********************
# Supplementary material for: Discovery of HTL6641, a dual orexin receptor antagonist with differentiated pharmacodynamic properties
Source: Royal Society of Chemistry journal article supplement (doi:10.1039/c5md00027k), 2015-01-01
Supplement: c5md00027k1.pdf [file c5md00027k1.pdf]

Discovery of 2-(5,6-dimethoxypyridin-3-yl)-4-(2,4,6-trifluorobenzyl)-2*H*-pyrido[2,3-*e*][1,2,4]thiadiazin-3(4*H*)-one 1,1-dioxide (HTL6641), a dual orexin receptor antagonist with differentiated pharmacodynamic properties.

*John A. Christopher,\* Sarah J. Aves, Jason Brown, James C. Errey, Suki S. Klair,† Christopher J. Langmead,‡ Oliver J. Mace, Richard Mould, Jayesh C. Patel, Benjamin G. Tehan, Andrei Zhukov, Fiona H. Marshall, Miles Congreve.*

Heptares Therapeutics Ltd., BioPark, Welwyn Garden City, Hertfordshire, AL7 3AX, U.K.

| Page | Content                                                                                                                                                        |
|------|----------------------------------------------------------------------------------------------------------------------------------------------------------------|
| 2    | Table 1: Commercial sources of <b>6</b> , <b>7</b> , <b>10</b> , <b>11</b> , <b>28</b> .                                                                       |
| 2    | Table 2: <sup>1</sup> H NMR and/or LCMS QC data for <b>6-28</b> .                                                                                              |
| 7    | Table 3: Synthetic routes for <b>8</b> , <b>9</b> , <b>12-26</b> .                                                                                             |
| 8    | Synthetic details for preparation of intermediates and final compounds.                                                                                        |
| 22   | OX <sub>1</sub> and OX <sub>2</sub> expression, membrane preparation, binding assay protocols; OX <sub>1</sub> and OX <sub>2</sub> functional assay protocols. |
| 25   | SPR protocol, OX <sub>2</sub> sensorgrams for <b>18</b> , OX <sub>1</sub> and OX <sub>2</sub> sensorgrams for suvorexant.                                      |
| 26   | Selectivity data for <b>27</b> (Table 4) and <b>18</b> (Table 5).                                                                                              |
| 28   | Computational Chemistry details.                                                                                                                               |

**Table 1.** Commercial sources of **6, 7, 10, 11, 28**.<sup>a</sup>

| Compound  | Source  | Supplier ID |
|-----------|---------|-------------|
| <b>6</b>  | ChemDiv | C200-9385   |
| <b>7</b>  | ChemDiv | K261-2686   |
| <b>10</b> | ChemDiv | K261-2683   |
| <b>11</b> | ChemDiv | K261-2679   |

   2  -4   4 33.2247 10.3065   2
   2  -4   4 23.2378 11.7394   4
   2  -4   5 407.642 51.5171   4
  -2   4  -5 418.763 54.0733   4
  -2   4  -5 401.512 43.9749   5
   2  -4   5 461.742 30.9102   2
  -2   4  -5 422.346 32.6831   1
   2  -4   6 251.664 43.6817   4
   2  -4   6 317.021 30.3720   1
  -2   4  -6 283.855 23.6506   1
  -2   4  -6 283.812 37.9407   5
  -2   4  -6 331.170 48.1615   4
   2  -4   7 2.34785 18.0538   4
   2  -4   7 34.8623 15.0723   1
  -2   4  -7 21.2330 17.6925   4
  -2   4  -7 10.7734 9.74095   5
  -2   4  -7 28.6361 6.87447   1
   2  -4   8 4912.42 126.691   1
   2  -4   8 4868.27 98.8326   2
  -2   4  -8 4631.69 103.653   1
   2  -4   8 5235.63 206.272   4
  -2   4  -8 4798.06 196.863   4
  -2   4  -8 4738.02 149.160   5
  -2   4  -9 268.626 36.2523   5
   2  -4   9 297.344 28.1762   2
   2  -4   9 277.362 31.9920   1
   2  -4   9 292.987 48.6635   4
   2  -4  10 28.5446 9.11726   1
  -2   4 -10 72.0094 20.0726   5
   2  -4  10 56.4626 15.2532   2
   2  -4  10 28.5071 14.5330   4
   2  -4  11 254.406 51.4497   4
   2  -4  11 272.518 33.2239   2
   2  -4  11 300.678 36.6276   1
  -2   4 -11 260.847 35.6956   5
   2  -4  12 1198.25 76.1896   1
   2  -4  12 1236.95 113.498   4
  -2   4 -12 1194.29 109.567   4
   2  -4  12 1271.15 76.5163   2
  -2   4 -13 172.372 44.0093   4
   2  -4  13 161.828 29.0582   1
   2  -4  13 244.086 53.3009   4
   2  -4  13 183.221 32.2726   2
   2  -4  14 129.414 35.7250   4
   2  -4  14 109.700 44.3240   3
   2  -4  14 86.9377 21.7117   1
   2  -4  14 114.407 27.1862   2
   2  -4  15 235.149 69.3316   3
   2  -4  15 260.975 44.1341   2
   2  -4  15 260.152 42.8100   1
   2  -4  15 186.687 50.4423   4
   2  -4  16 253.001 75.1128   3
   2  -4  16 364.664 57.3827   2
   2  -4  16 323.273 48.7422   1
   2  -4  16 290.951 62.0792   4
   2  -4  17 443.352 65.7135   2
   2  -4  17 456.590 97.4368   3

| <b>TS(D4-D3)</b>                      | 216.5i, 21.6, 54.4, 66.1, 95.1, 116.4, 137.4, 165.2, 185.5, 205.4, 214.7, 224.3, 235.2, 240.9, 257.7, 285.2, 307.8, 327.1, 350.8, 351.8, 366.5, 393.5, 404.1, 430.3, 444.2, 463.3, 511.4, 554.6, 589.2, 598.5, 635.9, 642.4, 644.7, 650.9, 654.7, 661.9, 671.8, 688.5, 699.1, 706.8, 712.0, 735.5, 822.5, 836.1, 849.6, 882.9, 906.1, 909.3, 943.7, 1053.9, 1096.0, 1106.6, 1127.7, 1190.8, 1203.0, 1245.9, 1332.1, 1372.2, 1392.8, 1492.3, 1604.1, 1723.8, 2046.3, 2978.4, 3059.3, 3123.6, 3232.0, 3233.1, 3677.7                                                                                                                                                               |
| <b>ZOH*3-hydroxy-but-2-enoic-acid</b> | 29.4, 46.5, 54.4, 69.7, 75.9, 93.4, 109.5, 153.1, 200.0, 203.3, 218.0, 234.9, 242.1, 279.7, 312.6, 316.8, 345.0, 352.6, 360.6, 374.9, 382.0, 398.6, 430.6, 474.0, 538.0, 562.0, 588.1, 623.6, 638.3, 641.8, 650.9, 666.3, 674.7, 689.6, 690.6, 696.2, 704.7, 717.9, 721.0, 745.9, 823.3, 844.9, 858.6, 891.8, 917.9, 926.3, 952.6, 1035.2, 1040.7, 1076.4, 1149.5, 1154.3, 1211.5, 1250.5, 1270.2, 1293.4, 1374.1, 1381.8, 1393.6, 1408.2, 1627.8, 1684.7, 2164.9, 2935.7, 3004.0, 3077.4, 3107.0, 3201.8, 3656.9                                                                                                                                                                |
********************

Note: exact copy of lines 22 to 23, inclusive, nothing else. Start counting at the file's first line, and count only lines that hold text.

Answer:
| <b>10</b> | ChemDiv | K261-2683   |
| <b>11</b> | ChemDiv | K261-2679   |